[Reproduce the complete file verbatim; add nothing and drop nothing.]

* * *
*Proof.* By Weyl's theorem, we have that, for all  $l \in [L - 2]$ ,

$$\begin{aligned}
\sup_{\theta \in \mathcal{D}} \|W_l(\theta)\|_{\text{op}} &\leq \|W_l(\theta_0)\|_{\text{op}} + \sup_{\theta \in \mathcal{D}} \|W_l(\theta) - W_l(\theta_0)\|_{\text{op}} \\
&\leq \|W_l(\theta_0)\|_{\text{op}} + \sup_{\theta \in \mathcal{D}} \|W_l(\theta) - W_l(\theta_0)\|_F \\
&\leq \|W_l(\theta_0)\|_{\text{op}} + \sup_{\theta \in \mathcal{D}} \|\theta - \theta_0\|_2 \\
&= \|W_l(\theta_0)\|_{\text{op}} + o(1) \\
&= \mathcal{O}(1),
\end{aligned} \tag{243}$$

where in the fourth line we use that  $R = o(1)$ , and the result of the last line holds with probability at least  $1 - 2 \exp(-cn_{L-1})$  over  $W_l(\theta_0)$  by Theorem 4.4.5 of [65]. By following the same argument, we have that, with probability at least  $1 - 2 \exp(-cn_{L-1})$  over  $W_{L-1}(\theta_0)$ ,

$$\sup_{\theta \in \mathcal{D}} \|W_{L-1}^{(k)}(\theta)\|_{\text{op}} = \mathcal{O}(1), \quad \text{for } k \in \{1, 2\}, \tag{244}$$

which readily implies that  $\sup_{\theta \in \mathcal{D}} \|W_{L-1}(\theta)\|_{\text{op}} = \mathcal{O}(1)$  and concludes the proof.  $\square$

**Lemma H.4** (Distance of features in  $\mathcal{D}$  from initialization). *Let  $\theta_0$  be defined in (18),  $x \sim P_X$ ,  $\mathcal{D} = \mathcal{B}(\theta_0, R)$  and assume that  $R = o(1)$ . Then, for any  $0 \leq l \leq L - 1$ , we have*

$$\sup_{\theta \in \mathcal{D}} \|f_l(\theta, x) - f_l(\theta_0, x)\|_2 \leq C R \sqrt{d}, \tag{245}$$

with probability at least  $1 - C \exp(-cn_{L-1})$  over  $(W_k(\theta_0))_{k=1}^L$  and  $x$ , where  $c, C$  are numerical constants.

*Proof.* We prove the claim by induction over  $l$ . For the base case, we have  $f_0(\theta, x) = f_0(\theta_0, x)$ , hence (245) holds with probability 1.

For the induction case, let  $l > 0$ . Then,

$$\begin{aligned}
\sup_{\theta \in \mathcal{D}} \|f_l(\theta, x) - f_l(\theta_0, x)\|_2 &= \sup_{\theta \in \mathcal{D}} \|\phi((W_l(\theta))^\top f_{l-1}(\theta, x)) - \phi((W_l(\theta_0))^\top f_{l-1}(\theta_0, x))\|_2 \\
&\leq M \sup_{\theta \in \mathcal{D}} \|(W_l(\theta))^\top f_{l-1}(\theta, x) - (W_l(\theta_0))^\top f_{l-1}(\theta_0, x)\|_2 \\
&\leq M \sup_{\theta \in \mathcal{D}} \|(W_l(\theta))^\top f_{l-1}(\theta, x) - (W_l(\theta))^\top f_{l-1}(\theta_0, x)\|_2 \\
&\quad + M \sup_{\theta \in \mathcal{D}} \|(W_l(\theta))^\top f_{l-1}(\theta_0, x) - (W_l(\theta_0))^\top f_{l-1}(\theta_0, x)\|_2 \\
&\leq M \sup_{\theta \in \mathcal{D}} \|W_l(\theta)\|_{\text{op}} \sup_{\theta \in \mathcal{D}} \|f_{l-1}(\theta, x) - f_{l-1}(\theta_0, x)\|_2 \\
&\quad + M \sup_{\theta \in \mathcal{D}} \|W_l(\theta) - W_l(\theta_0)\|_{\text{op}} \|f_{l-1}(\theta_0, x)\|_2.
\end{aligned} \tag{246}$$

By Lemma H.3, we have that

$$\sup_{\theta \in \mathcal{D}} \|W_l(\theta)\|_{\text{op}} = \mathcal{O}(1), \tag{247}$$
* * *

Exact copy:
*Proof.* By Weyl's theorem, we have that, for all  $l \in [L - 2]$ ,

$$\begin{aligned}
\sup_{\theta \in \mathcal{D}} \|W_l(\theta)\|_{\text{op}} &\leq \|W_l(\theta_0)\|_{\text{op}} + \sup_{\theta \in \mathcal{D}} \|W_l(\theta) - W_l(\theta_0)\|_{\text{op}} \\
&\leq \|W_l(\theta_0)\|_{\text{op}} + \sup_{\theta \in \mathcal{D}} \|W_l(\theta) - W_l(\theta_0)\|_F \\
&\leq \|W_l(\theta_0)\|_{\text{op}} + \sup_{\theta \in \mathcal{D}} \|\theta - \theta_0\|_2 \\
&= \|W_l(\theta_0)\|_{\text{op}} + o(1) \\
&= \mathcal{O}(1),
\end{aligned} \tag{243}$$

where in the fourth line we use that  $R = o(1)$ , and the result of the last line holds with probability at least  $1 - 2 \exp(-cn_{L-1})$  over  $W_l(\theta_0)$  by Theorem 4.4.5 of [65]. By following the same argument, we have that, with probability at least  $1 - 2 \exp(-cn_{L-1})$  over  $W_{L-1}(\theta_0)$ ,

$$\sup_{\theta \in \mathcal{D}} \|W_{L-1}^{(k)}(\theta)\|_{\text{op}} = \mathcal{O}(1), \quad \text{for } k \in \{1, 2\}, \tag{244}$$

which readily implies that  $\sup_{\theta \in \mathcal{D}} \|W_{L-1}(\theta)\|_{\text{op}} = \mathcal{O}(1)$  and concludes the proof.  $\square$

**Lemma H.4** (Distance of features in  $\mathcal{D}$  from initialization). *Let  $\theta_0$  be defined in (18),  $x \sim P_X$ ,  $\mathcal{D} = \mathcal{B}(\theta_0, R)$  and assume that  $R = o(1)$ . Then, for any  $0 \leq l \leq L - 1$ , we have*

$$\sup_{\theta \in \mathcal{D}} \|f_l(\theta, x) - f_l(\theta_0, x)\|_2 \leq C R \sqrt{d}, \tag{245}$$

with probability at least  $1 - C \exp(-cn_{L-1})$  over  $(W_k(\theta_0))_{k=1}^L$  and  $x$ , where  $c, C$  are numerical constants.

*Proof.* We prove the claim by induction over  $l$ . For the base case, we have  $f_0(\theta, x) = f_0(\theta_0, x)$ , hence (245) holds with probability 1.

For the induction case, let  $l > 0$ . Then,

$$\begin{aligned}
\sup_{\theta \in \mathcal{D}} \|f_l(\theta, x) - f_l(\theta_0, x)\|_2 &= \sup_{\theta \in \mathcal{D}} \|\phi((W_l(\theta))^\top f_{l-1}(\theta, x)) - \phi((W_l(\theta_0))^\top f_{l-1}(\theta_0, x))\|_2 \\
&\leq M \sup_{\theta \in \mathcal{D}} \|(W_l(\theta))^\top f_{l-1}(\theta, x) - (W_l(\theta_0))^\top f_{l-1}(\theta_0, x)\|_2 \\
&\leq M \sup_{\theta \in \mathcal{D}} \|(W_l(\theta))^\top f_{l-1}(\theta, x) - (W_l(\theta))^\top f_{l-1}(\theta_0, x)\|_2 \\
&\quad + M \sup_{\theta \in \mathcal{D}} \|(W_l(\theta))^\top f_{l-1}(\theta_0, x) - (W_l(\theta_0))^\top f_{l-1}(\theta_0, x)\|_2 \\
&\leq M \sup_{\theta \in \mathcal{D}} \|W_l(\theta)\|_{\text{op}} \sup_{\theta \in \mathcal{D}} \|f_{l-1}(\theta, x) - f_{l-1}(\theta_0, x)\|_2 \\
&\quad + M \sup_{\theta \in \mathcal{D}} \|W_l(\theta) - W_l(\theta_0)\|_{\text{op}} \|f_{l-1}(\theta_0, x)\|_2.
\end{aligned} \tag{246}$$

By Lemma H.3, we have that

$$\sup_{\theta \in \mathcal{D}} \|W_l(\theta)\|_{\text{op}} = \mathcal{O}(1), \tag{247}$$